VM Views: A case for container management systems
By Brandon Dunlap, IVM sales specialist, Dow AgroSciences
Container management systems for herbicides are not new to the industry, but in recent years have gained popularity with both vegetation managers and applicators. While there are multiple systems on the market, all of them tend to provide the same baseline services: a supply of herbicides in returnable, refillable containers; specified tank mixes with herbicide concentrates composed of various products; and the ability to track the container movement from the herbicide repacker to its delivery destination.
Accountability and worker safety are common motivators for adopting a container management system. Knowing where your herbicides are and when and where they were applied helps manage these valuable resources. Having the herbicide mix in one container helps to ensure the desired mix is applied and there aren’t variations between multiple batches. There are also operational efficiencies gained by not having to devote time to triple-rinsing and disposing of traditional herbicide containers.
Worker safety is paramount in all operations. Mixing and handling herbicides should always be done with care and according to label directions, but mistakes can and do happen. When they happen, the results can be impactful to the workers involved and the company as a whole. Using a closed-loop container management system is a way to reduce the risk of a spill or mixing error.
Procurement managers favor the tracking component of the system, as it provides documentation of herbicide container delivery and use on a specified system, thereby accounting for all products. Another procurement benefit is reduced inventory. The containers are generally delivered within a few days, reducing the need to keep weeks’ or months’ worth of product on hand. If a system or applicator only uses a few different mixes, the number of items in inventory can be greatly reduced because there’s no need to keep individual products in stock, only the readymade tank mixes. The tracking also helps mitigate any issues that may arise surrounding when and what was applied to a given piece of land.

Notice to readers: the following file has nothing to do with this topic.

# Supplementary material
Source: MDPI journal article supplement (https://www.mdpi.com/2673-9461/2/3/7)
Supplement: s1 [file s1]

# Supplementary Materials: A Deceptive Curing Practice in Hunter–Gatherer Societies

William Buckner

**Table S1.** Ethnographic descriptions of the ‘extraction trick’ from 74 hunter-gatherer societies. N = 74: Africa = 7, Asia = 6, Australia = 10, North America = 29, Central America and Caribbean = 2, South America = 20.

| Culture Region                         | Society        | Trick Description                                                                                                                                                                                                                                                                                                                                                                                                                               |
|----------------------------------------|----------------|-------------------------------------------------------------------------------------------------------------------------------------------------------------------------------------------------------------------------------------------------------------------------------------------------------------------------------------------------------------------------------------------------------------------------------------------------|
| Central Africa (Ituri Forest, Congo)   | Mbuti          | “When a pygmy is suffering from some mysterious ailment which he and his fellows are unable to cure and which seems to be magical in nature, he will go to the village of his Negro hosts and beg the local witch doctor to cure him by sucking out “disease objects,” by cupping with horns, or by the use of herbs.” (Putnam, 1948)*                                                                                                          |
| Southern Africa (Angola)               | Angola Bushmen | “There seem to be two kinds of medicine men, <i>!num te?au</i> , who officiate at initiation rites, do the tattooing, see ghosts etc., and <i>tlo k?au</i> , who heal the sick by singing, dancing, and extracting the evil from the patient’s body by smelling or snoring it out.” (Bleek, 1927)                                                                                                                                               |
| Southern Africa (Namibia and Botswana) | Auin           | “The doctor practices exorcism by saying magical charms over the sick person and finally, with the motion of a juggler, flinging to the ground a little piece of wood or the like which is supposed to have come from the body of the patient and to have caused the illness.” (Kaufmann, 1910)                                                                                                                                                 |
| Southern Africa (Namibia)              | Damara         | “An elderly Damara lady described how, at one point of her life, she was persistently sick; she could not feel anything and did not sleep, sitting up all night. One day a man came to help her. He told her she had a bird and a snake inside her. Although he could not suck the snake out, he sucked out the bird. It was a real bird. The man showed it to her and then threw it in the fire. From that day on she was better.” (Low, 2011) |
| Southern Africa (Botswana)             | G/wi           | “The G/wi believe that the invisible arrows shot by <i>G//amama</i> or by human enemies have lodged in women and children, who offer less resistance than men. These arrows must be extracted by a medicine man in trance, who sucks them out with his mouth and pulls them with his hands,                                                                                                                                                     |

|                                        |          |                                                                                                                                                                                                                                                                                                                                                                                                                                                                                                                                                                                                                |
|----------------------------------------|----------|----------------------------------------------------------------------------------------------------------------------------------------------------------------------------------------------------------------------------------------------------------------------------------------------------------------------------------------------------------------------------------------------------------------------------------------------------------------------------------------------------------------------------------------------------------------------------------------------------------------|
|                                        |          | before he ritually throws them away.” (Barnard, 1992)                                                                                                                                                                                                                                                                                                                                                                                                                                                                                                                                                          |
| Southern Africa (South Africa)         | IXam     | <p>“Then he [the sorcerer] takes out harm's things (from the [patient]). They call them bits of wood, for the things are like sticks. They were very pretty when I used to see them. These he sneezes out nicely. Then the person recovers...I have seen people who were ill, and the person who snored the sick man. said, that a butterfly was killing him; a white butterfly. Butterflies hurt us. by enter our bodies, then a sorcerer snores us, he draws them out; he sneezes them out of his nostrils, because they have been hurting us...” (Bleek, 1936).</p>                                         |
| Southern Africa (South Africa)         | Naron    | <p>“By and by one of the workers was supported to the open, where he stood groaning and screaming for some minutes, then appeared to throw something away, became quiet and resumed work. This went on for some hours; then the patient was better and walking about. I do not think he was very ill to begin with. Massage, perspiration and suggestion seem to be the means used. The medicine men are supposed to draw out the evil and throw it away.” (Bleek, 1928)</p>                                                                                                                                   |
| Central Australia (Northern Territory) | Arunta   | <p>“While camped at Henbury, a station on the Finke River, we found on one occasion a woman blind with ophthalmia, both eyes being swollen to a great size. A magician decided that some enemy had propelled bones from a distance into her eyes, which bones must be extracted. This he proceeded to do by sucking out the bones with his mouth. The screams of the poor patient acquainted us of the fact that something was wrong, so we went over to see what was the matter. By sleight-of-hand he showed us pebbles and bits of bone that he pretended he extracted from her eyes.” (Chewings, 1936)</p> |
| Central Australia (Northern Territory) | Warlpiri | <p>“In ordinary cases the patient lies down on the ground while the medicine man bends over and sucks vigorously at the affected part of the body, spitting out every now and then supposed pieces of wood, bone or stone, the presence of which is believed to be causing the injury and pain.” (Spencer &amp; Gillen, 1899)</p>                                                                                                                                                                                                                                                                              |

While the benefits of a container management system are rather straightforward, implementing the change is not always easy. Applicators may not think the system is right for them or that it will be hard to transition the crews to a new way of mixing. Utilities and system managers may view a container management system as an additional job responsibility or as a change that isn’t justified because they aren’t having issues with their current system.
I’ve seen firsthand the difference these systems can make for those in the vegetation management industry, but don’t just take my word for it. The Utility Arborist Association includes the use of a closed-loop system as a best management practice in its publication, Field Guide to Closed Chain of Custody for Herbicides in the Utility Vegetation Management Industry. I would also encourage vegetation managers to talk with peers who have already taken the steps to implement such a program. Learn from their experiences, and see if it might be a fit for your program.